John McManus: Why Nama is in such trouble over Project Eagle
State agency should have blown the whistle on Northern Ireland sale but chose not to
What really matters is that Nama chose to ignore the big red flag raised by Pimco and proceeded to sell the Northern Ireland property loan book to Cerberus.
Here is a question that might help you understand why Nama is in such a lot of trouble.
Imagine you are selling your house and have agreed a deal with someone. They then come along to you and say they are pulling out of the sale because they don’t like the way their solicitor is behaving. They suspect that things are not being done properly. They tell you their conscience will not let them be a party to what is going on.
A week later another buyer comes along and offers you much the same price but crucially they are using the same solicitor as the previous bidder.
You have two options:
A. Ask the solicitor if something dodgy is going on and when he tells you he is as pure as the driven snow, you proceed to sell your house, get your money and move on. Your behaviour is legal and commercially sound.
B . Decide that you too cannot be party to something potentially dodgy. You pull out of the sale. You ring the gardaí and end up being involved in a long investigation. Other buyers start to think you are messing and that something is wrong with your house. The price falls.
Which option would you take? A? If so, then you are Nama.
Only it is not your house you are selling, it is a portfolio of properties in Northern Ireland that is worth €1.5 billion. It is Project Eagle.
The first buyer is the US investment fund Pimco and the second is one of their peers, Cerberus.
Replace the first buyer’s conscience with Pimco’s compliance department – the people that make sure they don’t inadvertently break the law.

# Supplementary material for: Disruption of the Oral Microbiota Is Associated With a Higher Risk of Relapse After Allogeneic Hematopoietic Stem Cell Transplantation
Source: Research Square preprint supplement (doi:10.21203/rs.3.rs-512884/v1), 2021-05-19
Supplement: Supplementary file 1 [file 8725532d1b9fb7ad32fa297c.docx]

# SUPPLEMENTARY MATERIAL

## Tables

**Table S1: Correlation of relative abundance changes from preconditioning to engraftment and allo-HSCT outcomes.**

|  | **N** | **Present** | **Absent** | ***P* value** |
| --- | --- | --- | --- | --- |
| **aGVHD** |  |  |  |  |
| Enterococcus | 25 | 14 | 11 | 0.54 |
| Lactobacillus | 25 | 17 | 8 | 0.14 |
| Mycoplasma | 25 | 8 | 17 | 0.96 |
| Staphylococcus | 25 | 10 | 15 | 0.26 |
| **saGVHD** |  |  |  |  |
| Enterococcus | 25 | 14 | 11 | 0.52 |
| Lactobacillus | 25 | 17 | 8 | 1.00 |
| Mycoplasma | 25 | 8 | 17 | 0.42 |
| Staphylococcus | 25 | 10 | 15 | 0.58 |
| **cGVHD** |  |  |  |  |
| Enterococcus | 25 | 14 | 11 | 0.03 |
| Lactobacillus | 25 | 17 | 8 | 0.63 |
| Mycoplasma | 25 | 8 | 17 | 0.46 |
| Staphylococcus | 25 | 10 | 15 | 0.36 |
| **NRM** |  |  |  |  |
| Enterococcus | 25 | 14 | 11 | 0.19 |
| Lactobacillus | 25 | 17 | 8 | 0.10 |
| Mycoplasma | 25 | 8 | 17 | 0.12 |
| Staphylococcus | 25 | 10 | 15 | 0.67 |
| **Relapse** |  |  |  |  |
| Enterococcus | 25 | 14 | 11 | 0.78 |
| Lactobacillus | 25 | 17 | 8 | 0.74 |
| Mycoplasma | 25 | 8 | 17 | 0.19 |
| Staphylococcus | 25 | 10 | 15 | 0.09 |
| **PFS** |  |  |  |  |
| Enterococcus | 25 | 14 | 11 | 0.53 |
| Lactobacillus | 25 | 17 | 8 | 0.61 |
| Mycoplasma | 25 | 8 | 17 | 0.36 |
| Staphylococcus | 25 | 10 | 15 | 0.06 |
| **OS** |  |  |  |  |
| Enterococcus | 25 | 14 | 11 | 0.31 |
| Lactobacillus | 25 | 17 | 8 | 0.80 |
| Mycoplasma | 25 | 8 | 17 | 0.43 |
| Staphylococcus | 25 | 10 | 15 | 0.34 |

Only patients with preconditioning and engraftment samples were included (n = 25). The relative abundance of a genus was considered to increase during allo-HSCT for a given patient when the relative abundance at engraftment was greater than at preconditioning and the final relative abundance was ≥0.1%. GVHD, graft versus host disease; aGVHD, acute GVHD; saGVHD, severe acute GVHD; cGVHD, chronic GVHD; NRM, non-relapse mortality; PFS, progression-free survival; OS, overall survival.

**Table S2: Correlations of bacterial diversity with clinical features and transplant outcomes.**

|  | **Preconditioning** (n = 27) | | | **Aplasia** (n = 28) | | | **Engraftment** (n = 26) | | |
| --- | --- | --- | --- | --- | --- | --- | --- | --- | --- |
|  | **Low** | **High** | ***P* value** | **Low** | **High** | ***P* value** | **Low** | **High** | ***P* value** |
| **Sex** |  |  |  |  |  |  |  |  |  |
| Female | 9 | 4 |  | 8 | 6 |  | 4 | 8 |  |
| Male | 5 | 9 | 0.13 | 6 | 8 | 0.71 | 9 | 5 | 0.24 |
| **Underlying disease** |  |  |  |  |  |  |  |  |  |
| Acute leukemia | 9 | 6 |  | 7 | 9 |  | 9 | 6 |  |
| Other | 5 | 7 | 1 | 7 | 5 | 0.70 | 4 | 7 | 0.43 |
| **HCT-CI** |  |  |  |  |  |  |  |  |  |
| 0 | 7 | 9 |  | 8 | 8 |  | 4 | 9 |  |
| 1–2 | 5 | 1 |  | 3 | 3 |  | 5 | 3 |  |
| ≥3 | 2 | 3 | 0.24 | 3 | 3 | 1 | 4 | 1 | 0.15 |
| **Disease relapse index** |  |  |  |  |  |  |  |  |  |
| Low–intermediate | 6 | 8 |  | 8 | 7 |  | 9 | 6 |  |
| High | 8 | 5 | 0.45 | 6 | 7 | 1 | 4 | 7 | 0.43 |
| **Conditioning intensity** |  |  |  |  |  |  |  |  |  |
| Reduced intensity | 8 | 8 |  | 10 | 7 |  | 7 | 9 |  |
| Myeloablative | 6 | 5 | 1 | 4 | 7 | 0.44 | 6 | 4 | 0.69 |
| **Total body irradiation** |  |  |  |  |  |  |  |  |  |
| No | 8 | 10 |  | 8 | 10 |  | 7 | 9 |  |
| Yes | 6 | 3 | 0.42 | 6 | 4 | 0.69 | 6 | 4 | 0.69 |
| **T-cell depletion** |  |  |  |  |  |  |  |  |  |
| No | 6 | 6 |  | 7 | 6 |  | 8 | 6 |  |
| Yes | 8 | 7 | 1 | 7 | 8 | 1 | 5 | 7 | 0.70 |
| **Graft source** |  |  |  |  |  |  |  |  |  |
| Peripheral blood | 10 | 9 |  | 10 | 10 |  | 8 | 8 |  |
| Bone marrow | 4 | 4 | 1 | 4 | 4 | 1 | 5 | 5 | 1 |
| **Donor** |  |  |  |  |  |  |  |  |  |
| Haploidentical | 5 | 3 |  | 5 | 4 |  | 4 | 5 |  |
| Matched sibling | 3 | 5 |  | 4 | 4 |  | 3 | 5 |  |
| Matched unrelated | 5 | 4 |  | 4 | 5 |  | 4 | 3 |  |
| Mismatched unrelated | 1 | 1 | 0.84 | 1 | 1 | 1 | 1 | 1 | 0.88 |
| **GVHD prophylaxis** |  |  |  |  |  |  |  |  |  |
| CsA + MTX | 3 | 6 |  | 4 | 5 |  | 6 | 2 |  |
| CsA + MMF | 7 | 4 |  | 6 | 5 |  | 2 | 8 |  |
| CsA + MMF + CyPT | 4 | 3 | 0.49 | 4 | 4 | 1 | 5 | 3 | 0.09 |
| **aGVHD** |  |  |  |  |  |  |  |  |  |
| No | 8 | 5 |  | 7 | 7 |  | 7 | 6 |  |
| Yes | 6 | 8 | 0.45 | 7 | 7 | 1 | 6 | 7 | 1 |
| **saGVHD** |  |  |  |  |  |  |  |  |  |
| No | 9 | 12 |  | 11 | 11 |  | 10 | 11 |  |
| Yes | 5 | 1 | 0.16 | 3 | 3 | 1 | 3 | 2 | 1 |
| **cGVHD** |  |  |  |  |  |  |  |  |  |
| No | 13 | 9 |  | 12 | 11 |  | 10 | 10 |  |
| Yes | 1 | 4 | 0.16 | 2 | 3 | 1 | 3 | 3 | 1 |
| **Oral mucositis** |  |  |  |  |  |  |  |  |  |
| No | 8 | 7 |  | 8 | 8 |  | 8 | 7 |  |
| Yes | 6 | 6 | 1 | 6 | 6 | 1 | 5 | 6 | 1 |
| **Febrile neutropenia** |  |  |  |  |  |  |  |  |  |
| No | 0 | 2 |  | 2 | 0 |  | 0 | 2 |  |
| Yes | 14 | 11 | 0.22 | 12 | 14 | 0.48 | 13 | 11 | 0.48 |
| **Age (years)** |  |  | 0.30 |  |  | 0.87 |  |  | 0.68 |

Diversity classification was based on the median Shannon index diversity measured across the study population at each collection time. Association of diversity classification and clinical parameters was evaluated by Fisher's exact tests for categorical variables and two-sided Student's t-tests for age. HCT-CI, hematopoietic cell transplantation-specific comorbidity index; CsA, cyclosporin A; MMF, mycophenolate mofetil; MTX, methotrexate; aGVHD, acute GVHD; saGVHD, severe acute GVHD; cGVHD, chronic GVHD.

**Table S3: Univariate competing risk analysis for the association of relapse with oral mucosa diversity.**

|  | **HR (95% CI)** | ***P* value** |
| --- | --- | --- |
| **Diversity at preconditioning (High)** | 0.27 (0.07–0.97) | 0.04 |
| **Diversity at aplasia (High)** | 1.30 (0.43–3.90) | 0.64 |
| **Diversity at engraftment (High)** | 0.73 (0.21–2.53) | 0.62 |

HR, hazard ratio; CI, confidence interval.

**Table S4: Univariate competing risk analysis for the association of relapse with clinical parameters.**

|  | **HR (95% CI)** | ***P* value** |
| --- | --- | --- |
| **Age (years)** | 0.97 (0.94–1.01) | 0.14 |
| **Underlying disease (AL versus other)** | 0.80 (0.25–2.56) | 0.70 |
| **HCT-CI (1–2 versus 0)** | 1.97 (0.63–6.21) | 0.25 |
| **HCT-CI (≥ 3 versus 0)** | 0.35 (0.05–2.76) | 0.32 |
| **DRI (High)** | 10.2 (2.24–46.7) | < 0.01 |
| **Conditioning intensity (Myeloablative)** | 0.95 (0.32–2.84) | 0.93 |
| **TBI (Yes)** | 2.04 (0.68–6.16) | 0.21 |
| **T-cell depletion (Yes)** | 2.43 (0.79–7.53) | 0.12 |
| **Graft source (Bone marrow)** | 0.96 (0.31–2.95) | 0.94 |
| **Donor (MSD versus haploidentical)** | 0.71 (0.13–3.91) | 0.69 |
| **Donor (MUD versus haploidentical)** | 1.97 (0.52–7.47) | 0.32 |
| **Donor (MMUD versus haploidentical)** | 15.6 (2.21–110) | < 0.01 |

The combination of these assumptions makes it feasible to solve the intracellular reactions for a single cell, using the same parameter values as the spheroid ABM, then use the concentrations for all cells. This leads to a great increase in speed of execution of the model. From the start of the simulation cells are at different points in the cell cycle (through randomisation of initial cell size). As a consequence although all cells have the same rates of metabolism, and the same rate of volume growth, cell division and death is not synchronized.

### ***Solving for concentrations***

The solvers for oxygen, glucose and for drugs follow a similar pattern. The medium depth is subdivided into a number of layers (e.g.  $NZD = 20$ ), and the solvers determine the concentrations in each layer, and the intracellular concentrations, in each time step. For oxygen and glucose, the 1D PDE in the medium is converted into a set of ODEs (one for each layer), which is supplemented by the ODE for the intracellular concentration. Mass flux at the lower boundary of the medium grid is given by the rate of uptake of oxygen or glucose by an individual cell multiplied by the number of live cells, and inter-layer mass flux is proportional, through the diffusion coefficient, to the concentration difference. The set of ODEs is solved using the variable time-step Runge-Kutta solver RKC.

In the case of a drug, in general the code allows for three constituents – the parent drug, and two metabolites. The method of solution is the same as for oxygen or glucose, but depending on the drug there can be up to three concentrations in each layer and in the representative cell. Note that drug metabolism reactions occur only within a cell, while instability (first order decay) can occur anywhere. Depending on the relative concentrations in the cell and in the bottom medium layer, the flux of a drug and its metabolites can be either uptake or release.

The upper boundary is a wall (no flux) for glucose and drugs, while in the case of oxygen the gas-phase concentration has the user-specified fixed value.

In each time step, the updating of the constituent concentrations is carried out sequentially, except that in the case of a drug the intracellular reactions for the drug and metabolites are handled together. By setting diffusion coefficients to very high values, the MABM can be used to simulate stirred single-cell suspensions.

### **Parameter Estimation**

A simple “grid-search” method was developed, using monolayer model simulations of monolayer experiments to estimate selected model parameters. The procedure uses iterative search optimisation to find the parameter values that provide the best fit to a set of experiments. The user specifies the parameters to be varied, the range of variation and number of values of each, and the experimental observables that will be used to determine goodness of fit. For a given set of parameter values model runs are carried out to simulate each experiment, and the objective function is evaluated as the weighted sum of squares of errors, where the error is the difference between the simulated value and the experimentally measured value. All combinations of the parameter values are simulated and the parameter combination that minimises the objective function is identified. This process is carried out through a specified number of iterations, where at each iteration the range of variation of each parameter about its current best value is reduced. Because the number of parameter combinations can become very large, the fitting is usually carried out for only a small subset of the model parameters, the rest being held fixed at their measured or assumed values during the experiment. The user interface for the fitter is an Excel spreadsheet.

Replace the anonymous solicitor with law firms Brown Rudnick and Tughan and a number of prominent Northern Irish figures.
Moral dilemmaNow. Change the question to: which option should you take? And you start to see Nama’s problem. It’s more than likely that you would say B. You know you have a duty as citizen to help uphold the law and all that even if it comes at a personal cost.
And this is the problem Nama now faces. It chose A when it should have chosen B.
An individual that takes option A has only to answer to their conscience. Nama, however, is answerable to us all.
It is a State agency. It may have a commercial mandate and a very, very difficult job to do but it is ultimately an arm of the State. And the Government must be held to the highest standard. It must aspire to do what it should do in any situation, not what makes commercial sense. It’s simplistic and it’s naive but it is true none the less.
When Nama chose to sell Project Eagle to Cerberus after Pimco pulled out it lost sight of this simple fact.
It chose to overlook the obvious possibility that something suspicious was going on in the background in Northern Ireland that it should really have blown the whistle on. Right now it probably wishes it had.
For the last week, we have been subjected to the unedifying sight of two State agencies having a public squabble.
Nama and the Comptroller and Auditor General have been arguing about what the Project Eagle portfolio was really worth.
It is essentially an argument about the length of a piece of string. The price is irrelevant.
What really matters is that Nama chose to ignore the big red flag raised by Pimco and proceeded to sell the portfolio to Cerberus.
We know that it shouldn’t have and we now need to know why it did.
Temporary blindnessWas it simply a case of Nama’s commercial imperative blinding it to the bigger picture?
Nama has succeeded on its own terms and will return a profit of €2 billion to the State that will offset some of the billions poured into the banks following the crash and bailout.
But it is easy to forget that this was not a certainty in 2013 and 2014.
It also has to be remembered that there was a great deal of political pressure on the agency to sell its assets and disappear.
And this raises perhaps the most interesting question of all.
To what extent did this pressure on Nama from the government of the day drive the agency on – directly or indirectly – to do something that no government could really stand over? Turning a blind eye to possible criminal activity.
Actually, that is not the most interesting question when you think about it.
The most interesting question is: to what extent was the Irish government influenced by Northern politicians whose links to the intermediaries advising Cerberus are the focus of several investigations?